The second and the third generation have made a number of changes over the years to ensure the businesses all remain competitive. These include focusing on adding value to the existing products by doing their own packaging and creating Eswaran’s own products.

“By focusing as much on adding value and making our own products have kept us a little bit safer from commodity fluctuations,” says Subra. “Tea is very much of a weather and market-driven commodity, and during the last 10 years there has huge fluctuations in its price. By being a branded product and much closer to the consumer we've been able to ride out some of these fluctuations much better."

Changes were also made to its ownership and governance of the business. According to Subra, up until mid-2000 there were a lot of cross family shareholdings, and some family members were bought out of their holdings in the business. Governance structures were implemented, which, according to Subra, wouldn’t look out of place in a listed business. “The tea business is run as if we were listed on the stock exchange. There are three non-executive directors, my father is chairman and there are very clear reporting lines. There is also an audit and remuneration committee.”

Subra’s journey into the family business seemed to be predetermined at an early age, but not necessarily through pressure from the family. “All of us grow up with the family business. It was family life in many ways.” Studying law at Oxford University in the UK, Subra said that by the end of the first year he was sure he didn’t want to study law. “But I did know I wanted to join the family business.”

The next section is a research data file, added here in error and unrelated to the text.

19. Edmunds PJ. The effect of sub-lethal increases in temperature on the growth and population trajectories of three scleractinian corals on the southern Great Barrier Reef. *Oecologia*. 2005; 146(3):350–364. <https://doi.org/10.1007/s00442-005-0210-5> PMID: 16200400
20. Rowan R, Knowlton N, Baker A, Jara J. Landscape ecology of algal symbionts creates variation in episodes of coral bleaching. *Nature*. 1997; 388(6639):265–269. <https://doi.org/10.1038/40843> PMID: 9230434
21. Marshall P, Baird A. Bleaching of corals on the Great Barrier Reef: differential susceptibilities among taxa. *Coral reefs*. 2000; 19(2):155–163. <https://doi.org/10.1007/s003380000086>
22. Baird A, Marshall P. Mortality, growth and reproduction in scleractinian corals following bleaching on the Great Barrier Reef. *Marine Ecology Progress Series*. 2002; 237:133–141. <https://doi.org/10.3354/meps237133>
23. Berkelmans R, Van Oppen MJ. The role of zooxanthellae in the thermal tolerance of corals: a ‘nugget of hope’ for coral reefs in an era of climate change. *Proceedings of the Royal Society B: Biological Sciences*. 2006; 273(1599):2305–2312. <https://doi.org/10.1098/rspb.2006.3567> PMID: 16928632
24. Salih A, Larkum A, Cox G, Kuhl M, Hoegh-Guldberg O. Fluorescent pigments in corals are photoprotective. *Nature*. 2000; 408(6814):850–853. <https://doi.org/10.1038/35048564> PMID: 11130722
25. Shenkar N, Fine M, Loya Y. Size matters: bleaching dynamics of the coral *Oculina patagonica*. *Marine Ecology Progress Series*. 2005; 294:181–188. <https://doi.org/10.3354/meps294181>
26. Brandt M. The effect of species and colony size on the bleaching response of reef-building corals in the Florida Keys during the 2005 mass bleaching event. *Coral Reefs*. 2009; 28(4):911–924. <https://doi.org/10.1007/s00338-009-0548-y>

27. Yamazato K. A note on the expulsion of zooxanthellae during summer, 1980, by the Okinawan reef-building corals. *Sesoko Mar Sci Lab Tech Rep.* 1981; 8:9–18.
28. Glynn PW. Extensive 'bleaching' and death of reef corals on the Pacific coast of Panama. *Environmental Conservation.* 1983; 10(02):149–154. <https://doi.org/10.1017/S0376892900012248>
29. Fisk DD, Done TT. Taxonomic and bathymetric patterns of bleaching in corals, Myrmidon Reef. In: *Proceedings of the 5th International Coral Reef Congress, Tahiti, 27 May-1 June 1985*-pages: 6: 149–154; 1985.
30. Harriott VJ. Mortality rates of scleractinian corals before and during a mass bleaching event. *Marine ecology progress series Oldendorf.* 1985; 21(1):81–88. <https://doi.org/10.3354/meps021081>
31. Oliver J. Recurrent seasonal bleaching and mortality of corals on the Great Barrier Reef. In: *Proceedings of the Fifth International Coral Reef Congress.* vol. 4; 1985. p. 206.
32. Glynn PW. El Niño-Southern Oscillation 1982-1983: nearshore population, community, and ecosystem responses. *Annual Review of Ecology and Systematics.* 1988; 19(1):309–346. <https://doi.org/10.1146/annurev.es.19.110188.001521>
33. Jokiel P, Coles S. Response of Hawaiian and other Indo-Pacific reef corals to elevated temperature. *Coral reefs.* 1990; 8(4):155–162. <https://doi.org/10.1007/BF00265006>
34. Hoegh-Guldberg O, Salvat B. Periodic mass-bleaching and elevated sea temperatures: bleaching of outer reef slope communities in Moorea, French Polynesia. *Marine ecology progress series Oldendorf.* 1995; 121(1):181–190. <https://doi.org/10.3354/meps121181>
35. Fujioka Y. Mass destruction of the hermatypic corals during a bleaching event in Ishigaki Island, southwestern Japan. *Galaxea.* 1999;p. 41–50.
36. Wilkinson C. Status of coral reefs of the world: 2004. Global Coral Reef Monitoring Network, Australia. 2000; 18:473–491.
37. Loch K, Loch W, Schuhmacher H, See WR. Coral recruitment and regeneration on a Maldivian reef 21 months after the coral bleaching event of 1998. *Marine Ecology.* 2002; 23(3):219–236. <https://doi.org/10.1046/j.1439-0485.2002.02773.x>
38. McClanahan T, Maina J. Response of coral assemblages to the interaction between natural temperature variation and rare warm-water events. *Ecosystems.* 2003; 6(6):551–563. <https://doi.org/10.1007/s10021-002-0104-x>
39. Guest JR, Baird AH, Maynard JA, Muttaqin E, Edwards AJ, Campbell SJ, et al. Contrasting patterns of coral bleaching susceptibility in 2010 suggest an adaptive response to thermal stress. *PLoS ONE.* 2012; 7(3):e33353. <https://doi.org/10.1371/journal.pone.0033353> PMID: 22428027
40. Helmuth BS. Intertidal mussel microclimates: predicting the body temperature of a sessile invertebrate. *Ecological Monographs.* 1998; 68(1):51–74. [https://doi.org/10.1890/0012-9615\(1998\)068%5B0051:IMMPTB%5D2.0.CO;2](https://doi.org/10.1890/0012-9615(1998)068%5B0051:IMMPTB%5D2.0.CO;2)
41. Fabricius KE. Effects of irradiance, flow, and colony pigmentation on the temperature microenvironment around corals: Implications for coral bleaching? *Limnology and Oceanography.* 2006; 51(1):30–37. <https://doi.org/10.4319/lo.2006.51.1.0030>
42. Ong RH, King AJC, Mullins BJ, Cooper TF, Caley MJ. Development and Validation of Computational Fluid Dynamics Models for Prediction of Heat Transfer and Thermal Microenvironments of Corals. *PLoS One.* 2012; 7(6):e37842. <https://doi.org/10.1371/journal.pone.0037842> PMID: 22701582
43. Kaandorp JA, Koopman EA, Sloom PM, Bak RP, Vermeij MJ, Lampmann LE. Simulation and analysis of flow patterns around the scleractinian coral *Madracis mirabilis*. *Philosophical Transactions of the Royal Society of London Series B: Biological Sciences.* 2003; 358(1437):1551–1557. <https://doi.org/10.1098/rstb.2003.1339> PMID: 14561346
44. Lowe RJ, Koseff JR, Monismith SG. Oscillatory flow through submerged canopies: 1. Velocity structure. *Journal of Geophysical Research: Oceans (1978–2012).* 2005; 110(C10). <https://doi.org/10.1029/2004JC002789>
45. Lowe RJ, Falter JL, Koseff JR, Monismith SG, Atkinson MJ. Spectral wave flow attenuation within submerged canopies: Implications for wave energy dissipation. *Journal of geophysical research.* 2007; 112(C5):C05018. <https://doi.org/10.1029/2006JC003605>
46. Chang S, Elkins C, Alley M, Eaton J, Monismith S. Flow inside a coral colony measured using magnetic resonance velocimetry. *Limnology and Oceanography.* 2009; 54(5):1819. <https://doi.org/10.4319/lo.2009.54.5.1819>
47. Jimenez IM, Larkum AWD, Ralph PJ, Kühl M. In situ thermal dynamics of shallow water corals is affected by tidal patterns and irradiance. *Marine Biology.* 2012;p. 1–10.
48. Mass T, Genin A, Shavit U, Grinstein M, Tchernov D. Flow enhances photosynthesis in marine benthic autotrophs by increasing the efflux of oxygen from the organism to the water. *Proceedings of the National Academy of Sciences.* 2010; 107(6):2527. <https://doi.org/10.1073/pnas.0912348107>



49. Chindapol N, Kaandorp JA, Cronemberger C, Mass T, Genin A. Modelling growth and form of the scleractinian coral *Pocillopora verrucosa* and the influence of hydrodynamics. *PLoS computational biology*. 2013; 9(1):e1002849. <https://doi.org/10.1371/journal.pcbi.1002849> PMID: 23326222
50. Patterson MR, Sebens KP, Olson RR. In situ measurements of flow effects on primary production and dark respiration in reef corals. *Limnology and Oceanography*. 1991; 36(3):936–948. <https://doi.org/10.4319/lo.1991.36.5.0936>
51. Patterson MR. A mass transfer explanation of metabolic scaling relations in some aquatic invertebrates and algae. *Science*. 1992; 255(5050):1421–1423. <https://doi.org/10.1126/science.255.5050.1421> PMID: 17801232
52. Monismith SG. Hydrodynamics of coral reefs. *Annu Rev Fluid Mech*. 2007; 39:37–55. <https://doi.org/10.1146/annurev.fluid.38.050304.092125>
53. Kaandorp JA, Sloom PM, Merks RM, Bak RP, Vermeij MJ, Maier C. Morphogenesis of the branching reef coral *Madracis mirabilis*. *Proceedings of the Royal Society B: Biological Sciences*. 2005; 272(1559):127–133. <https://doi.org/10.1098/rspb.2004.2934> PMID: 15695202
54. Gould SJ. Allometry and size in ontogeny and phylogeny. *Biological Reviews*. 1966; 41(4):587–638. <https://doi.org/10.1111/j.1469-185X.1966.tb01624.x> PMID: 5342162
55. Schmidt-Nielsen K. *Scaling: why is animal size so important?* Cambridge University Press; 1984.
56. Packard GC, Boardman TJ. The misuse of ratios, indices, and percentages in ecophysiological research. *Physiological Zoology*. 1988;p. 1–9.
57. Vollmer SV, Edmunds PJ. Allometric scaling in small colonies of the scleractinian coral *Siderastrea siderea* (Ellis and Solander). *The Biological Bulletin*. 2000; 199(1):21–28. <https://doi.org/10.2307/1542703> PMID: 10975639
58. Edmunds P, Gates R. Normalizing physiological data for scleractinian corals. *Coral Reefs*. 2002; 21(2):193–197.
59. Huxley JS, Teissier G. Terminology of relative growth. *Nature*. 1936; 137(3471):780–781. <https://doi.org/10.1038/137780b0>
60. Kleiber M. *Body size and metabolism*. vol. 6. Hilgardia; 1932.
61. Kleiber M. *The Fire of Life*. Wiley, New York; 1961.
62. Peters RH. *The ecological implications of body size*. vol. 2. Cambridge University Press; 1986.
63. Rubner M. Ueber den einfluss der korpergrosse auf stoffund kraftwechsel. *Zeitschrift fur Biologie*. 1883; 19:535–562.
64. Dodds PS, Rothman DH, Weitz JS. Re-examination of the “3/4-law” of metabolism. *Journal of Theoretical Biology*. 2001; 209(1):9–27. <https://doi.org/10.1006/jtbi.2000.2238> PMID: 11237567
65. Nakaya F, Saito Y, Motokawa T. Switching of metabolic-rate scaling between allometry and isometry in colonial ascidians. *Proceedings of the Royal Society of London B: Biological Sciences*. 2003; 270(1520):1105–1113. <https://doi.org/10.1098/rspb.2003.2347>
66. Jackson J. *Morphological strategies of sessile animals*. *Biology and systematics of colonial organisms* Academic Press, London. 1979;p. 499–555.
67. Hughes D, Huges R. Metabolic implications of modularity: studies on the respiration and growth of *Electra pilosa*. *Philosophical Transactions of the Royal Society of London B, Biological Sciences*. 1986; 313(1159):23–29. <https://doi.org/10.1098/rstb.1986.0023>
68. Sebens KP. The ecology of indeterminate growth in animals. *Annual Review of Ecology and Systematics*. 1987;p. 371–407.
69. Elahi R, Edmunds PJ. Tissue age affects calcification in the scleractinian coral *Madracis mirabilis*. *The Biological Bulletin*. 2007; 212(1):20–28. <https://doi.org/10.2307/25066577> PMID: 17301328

After graduating from Oxford, Subra went on to work for local banks for two years before joining the family business. “The banking experience was very useful to understand how international trade works.” Joining in 2002, he worked in the textile side and then joined the tea business, where he continues to work today as vice chairman with his father as chairman.

Subra says his Oxford contacts together with membership of the Young Presidents Organisation, a membership group of leaders all under the age of 40, have helped him tremendously in his running of the business. “Through YPO I can network with peers around the world and tap into people with similar lines of thought.”

Still relatively young at 39, Subra is sanguine about the prospects of the family business. “I’m sure that the philosophy that has been at the heart of the business since 1943 will continue to drive our success in the years ahead.”

Markets for Eswaran’s products will fluctuate, but one thing that is likely to be certain is that the company won’t need any spiritual inspiration to achieve its goals in the years ahead.

(The interview was taken by David Bain of Family Capital reproduced by YPO)